Baldur Bjarnason

... works as a web developer in Hveragerði, Iceland, and writes about the web, digital publishing, and web/product development

These are his notes

Cultural deafness and controversy in tech debates

I worry about the effects the US cultural dominance of tech has on web developer discourse. I worry about how deafness to cultural variation stifles understanding and dialogue in tech.

An honest description of a developer’s career journey of going from server-rendered HTML to SPAs and back will be dismissed as cynical and combative if the tone doesn’t match the narrow definitions of the west coast tech scene.

Attempts to critique and bring historical context into a discussion will be seen as argumentative—seen as attempts to start a flamewar—if your rhetoric doesn’t match the cloying upbeatness of your average San Francisco software startup.

We may all be writing in English, debating in English, and working in English, but the web dev scene is thoroughly multicultural even though online discourse doesn’t seem capable of taking that into account.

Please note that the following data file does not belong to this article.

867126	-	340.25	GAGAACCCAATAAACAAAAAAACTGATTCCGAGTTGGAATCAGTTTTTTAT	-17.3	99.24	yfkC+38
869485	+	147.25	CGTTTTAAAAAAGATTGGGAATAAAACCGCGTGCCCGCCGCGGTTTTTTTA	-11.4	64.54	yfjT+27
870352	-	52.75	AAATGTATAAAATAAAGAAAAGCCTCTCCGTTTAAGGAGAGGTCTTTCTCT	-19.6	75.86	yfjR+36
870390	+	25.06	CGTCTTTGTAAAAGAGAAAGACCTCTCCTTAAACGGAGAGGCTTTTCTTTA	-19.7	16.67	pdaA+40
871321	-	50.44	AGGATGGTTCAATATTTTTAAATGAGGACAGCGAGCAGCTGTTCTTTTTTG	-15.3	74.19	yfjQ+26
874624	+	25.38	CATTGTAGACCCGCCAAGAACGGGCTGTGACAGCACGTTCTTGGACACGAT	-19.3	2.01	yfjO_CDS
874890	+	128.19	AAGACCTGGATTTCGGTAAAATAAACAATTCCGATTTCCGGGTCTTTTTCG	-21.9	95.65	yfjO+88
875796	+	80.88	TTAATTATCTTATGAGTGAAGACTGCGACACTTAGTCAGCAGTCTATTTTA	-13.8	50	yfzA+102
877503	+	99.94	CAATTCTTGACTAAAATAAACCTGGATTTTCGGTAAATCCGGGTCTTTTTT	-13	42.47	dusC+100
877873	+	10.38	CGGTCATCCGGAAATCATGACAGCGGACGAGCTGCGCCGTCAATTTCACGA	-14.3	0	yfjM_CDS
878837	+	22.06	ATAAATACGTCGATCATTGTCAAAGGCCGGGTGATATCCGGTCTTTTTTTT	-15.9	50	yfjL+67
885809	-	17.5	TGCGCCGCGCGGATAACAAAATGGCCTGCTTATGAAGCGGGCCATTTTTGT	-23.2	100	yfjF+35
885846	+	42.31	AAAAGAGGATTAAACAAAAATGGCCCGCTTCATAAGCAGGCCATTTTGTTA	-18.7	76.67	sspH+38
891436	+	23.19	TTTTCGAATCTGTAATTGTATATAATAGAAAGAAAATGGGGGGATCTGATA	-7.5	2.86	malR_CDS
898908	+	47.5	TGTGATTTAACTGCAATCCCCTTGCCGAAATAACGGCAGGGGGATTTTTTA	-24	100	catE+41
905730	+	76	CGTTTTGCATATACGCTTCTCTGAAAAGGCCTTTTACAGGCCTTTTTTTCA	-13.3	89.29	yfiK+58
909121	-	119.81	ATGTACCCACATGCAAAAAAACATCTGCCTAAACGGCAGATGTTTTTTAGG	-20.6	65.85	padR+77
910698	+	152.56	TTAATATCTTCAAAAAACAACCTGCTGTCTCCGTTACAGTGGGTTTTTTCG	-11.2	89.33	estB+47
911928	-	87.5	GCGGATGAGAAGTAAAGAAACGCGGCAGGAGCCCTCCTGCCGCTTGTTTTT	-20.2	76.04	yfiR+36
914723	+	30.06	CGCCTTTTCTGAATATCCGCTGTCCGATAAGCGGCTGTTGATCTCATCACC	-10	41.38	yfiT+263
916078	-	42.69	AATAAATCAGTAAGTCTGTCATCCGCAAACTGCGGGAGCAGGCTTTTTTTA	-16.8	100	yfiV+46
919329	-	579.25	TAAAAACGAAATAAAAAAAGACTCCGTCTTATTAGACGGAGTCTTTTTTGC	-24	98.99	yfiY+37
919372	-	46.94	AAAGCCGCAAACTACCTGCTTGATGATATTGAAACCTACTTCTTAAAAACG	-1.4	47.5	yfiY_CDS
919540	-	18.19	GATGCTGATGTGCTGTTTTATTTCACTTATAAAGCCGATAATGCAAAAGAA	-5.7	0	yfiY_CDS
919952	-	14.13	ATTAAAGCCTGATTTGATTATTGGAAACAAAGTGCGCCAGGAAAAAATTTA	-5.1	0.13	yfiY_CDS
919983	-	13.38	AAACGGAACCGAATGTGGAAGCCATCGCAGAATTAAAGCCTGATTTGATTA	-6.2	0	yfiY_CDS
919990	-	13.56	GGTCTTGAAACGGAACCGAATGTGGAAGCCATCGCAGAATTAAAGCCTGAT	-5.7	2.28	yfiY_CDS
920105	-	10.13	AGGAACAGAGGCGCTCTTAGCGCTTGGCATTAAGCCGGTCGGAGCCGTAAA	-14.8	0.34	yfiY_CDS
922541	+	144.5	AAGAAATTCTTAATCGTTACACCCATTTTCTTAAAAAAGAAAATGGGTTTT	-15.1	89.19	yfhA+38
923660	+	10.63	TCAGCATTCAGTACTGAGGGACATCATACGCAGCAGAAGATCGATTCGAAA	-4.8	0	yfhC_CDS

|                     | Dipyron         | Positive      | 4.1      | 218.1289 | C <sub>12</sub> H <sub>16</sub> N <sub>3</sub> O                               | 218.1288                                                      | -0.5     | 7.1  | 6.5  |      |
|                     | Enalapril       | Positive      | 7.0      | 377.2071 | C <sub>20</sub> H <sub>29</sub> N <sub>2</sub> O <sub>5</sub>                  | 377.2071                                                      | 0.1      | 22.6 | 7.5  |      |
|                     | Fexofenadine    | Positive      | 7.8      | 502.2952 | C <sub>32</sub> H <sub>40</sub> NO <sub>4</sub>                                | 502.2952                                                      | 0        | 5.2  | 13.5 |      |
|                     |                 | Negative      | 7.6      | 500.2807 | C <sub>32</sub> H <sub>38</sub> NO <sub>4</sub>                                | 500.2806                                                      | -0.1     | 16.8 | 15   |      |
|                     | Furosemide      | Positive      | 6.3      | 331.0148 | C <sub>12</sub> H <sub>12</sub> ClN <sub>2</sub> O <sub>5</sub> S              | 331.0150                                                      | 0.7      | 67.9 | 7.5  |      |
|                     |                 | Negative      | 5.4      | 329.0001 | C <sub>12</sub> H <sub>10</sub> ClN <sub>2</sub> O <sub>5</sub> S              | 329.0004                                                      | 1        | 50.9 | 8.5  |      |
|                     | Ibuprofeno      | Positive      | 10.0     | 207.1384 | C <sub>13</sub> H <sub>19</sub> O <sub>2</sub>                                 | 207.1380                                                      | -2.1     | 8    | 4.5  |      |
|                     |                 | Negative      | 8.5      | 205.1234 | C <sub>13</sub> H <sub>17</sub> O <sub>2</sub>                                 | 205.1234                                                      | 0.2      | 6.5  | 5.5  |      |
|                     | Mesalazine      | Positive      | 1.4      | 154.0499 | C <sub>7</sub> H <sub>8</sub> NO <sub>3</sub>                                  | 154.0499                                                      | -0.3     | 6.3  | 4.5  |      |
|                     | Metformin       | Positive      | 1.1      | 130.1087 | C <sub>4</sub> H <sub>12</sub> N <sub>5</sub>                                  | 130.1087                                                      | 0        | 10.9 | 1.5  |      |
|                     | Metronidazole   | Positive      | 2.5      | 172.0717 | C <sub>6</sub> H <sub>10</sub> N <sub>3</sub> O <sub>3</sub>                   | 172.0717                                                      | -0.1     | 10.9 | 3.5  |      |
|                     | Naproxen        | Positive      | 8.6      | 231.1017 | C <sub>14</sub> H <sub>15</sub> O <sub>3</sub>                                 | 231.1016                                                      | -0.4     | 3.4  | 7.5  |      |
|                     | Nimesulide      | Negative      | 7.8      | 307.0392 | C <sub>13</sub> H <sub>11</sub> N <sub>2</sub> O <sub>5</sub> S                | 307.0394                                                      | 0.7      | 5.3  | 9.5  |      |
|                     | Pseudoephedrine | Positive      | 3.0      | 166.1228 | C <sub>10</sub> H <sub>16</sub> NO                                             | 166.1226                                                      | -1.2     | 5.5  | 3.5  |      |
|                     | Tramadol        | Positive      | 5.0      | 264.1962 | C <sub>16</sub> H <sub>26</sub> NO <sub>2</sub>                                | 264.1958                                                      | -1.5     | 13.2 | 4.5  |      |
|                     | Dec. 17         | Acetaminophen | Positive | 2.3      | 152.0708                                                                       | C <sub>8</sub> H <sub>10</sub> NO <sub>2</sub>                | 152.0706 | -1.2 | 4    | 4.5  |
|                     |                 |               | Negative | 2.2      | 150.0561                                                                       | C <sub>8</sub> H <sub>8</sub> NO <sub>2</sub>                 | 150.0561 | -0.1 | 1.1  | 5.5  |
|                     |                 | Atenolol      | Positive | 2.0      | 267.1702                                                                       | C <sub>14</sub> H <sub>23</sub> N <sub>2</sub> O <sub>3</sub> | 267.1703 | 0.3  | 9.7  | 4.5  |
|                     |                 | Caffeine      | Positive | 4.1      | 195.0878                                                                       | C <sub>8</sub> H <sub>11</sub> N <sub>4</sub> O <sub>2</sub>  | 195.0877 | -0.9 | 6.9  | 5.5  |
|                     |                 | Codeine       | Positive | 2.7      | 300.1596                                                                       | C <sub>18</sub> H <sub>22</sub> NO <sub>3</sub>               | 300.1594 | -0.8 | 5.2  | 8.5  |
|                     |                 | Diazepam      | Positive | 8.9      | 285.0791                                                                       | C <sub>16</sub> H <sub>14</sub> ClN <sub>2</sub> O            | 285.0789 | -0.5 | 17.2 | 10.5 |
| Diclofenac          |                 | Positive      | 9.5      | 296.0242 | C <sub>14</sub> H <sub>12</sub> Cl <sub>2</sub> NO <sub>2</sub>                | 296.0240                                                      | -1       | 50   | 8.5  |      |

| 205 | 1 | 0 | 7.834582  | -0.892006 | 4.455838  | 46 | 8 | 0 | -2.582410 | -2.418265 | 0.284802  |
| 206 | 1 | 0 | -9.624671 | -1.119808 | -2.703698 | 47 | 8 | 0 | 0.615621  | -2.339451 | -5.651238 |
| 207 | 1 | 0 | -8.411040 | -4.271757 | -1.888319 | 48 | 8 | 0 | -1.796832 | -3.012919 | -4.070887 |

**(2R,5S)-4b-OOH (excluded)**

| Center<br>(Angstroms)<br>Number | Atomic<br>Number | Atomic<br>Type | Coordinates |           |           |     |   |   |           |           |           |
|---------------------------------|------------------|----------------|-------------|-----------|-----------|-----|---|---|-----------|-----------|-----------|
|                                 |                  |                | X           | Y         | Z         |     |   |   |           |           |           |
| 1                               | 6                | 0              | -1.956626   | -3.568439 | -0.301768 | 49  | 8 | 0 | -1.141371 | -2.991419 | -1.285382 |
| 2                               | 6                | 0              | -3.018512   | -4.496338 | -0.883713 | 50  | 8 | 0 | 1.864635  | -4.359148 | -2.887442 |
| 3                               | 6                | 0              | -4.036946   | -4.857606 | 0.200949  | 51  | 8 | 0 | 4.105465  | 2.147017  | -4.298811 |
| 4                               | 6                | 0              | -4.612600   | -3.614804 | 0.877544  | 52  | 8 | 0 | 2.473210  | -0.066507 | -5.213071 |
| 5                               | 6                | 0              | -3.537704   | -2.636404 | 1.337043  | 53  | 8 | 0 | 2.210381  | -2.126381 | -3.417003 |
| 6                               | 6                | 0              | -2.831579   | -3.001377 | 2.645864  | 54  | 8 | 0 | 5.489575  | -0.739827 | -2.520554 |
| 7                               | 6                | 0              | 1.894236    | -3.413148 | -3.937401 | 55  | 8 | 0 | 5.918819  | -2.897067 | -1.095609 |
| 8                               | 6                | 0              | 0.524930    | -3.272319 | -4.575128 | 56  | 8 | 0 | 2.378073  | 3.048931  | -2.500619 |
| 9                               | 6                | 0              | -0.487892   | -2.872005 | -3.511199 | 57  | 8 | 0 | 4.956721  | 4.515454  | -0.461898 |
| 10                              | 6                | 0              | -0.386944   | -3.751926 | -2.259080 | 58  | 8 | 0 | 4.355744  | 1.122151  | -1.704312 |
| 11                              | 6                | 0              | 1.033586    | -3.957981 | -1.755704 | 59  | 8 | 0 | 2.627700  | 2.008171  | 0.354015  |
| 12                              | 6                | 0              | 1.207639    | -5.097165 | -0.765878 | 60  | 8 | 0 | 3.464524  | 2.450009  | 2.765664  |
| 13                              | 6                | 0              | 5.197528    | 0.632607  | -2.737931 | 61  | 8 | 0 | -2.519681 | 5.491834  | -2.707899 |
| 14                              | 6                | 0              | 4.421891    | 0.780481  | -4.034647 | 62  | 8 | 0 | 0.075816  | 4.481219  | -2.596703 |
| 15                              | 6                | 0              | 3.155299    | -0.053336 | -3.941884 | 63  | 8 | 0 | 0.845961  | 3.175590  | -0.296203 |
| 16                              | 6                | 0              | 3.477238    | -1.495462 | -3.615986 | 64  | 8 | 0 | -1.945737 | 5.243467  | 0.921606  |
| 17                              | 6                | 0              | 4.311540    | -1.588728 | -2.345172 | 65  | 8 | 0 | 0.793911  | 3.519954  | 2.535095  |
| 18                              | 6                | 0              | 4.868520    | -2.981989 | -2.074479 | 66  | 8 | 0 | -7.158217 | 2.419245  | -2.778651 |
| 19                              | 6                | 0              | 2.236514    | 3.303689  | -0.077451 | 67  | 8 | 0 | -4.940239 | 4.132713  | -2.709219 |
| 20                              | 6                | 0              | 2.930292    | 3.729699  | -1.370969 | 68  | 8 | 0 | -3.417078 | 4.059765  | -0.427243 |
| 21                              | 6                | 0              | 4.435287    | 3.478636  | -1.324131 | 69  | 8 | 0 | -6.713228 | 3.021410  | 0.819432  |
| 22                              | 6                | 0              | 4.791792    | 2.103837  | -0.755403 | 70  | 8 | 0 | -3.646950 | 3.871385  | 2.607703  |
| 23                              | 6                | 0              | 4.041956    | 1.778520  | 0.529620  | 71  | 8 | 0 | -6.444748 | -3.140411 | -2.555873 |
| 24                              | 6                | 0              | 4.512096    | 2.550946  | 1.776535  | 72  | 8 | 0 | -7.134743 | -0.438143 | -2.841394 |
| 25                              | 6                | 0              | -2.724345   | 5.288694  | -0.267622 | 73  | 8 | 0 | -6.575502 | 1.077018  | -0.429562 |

In many Nordic cultures combative and confrontational rhetoric is normal. We often speak in absolutes and rely on the listener to adjust the meaning based on their assessment of context.

Translated over to anglophone social media, we get seen as hostile, angry—verging on abusive.

In our native languages, we rely on metaphor and cultural references to set context and guide readers to the nuance we intended, but that’s hard to translate to the North American anglophone culture that is studiously context free.

Take that problem and multiply it by the number of non-English languages on the web. An infinite variety of misunderstandings, all with the same root cause.

I don’t think it’s a coincidence that a figure as controversial in tech as DHH just happens to be Danish. Nor does it surprise me that non-Anglophone voices continue to be rare among the ‘influencers’ of tech discourse, both in books and online, while at the same time they are well-represented among those who write ‘influential’ code.

The easiest way to remedy this is to simply retreat, have our own tech discourse in our own languages, but that’s also a good way to have no influence at all, globally. Or, we could just let our code speak, but that’s also a good way to lose all influence because code tends to become influential through discourse. Or through funding, which in turn you get through discourse and connections.

Web dev culture is an anglophone culture.

We can’t change that.

But maybe we should, at the very least, try and make it less American.